Why Economic Moats Are Important to Investing
One of the best investment strategies is to focus on companies that have what is known as a wide economic moat. A real life moat is constructed around a property in order to protect it and its owners from invaders. In the analogy at hand, these invaders are competing companies. So a company with a wide economic moat is well protected from potential competitors.
Moats can appear in many different forms. There are three that are especially important to successful investing. The first is the capital intensiveness of a business. If you invest in a business that is fully operational but which would require a lot of capital in order to replicate, then this business has a wide economic moat. Take, for instance, the rail transport industry and compare it to the trucking industry. Anybody with a few hundred thousand dollars can buy a couple of trucks, advertise on Craigslist, and compete, at least on a small scale, with large trucking companies such as Swift Transportation (NYSE:SWFT). However this isn’t the case for the rail transport industry.
It would take hundreds of millions of dollars, if not more, in order to build the infrastructure necessary to compete with the likes of Union Pacific (NYSE:UNP) and CSX (NYSE:CSX). Therefore there are only a handful of rail transport companies, and we can predict that these same companies will continue to control the industry for years to come. Similar moats can be found in other industries where companies need a lot of capital intensive infrastructure in order to compete. Two such industries include telecommunications (E.G. AT&T (NYSE:T), Verizon (NYSE:VZ), Sprint (NYSE:S), and the cashless payment industry “e.g. Visa (NYSE:V), Mastercard (NYSE:MA), American Express (NYSE:AXP), eBay (NASDAQ:EBAY), and so on.”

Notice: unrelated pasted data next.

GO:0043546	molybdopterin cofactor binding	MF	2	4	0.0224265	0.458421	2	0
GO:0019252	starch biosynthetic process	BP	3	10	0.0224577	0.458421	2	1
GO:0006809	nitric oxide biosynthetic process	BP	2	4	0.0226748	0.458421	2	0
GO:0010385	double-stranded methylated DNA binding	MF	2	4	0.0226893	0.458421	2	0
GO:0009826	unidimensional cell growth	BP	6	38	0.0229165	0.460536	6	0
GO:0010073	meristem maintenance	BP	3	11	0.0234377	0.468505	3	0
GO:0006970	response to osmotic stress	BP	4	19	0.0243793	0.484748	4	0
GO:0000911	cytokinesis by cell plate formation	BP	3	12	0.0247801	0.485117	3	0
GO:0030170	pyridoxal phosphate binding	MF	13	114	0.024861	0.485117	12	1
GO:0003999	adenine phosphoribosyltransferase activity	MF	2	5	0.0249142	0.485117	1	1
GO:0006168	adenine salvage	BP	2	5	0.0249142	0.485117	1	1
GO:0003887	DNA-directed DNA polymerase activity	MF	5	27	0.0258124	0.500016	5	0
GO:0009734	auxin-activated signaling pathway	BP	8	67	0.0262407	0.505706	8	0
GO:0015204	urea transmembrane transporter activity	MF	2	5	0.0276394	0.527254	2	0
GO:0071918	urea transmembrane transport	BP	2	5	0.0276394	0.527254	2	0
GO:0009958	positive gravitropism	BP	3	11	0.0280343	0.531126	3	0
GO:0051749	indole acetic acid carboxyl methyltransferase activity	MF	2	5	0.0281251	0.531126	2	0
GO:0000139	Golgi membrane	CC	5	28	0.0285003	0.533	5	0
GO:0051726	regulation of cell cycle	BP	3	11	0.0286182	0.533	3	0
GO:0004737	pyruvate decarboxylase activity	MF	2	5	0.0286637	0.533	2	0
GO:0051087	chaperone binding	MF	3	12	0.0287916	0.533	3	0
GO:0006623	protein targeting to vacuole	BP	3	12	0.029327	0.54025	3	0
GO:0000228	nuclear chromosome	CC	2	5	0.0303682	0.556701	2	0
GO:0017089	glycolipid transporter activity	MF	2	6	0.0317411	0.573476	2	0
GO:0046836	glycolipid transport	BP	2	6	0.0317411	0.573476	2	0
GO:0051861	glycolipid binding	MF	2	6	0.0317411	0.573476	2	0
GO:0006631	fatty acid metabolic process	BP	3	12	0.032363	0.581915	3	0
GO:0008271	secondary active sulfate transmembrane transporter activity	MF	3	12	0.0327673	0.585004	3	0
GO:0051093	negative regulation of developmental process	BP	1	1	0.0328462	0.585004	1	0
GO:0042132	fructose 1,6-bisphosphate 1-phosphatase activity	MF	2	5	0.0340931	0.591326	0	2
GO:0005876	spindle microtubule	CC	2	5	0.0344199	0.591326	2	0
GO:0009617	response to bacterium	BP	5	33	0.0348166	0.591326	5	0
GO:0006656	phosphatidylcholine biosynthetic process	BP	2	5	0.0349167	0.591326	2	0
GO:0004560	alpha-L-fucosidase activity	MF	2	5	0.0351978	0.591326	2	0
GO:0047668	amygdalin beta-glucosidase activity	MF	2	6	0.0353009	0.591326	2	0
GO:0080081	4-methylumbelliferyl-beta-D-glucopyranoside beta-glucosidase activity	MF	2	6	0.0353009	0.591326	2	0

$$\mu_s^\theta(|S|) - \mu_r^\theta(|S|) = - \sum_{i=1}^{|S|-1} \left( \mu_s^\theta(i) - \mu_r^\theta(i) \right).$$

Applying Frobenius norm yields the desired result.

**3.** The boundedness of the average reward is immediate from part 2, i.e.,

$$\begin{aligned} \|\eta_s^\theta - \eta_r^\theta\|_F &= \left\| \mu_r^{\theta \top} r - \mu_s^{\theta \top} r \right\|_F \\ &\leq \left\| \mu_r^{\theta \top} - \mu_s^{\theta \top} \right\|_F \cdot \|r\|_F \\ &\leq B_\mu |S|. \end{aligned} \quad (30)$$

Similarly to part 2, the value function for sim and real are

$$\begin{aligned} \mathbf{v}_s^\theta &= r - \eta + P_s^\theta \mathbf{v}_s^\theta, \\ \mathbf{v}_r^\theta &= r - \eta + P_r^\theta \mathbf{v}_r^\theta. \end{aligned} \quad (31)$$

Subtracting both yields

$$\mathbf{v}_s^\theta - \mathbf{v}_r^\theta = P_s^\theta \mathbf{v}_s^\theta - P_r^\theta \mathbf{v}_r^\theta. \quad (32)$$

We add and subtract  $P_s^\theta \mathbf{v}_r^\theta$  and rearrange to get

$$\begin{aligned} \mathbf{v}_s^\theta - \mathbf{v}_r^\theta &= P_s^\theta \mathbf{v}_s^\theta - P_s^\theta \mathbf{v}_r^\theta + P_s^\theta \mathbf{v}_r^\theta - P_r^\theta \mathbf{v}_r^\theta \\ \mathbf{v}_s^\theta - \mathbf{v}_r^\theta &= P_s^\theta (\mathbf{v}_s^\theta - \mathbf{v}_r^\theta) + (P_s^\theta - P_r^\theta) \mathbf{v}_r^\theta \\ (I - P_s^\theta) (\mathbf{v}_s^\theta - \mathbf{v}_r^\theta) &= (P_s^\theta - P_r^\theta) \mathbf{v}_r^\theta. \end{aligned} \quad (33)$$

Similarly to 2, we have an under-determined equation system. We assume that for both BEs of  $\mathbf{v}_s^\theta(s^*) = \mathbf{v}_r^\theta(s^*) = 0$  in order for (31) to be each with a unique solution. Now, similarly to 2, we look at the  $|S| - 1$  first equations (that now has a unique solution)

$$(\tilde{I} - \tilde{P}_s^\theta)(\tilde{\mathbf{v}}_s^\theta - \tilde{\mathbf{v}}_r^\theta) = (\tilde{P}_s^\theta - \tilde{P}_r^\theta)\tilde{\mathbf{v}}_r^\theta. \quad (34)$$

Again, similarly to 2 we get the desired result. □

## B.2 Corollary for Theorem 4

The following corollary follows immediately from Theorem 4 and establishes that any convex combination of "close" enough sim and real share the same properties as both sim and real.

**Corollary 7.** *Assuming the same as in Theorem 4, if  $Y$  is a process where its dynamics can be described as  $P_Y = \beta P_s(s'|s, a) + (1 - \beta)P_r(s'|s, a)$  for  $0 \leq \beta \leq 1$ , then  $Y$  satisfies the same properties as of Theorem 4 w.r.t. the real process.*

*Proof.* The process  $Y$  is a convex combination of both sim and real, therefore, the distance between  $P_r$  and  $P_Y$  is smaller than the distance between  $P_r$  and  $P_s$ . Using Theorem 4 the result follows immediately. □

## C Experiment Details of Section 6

The second sort of moat comes in the form of brand recognition. Consumers and businesses are going to do business with companies they trust, and companies with well established brands are going to have economic moats. For instance Coca Cola (NYSE:KO) can sell its products pretty much anywhere it wants to, and because consumers recognize the brand they will purchase the product. But if I were to start my own cola company and call it “Ben’s Cola” I would have a hard time selling it if it sits next to “Coke” products on the grocery store shelf. I would have to do a lot of marketing and prove to consumers that they should purchase my product over the pre-established products. Since it is so easy for Coca Cola to sell its products its business is far less risky than companies with weaker brands, and they should perform better in the long run.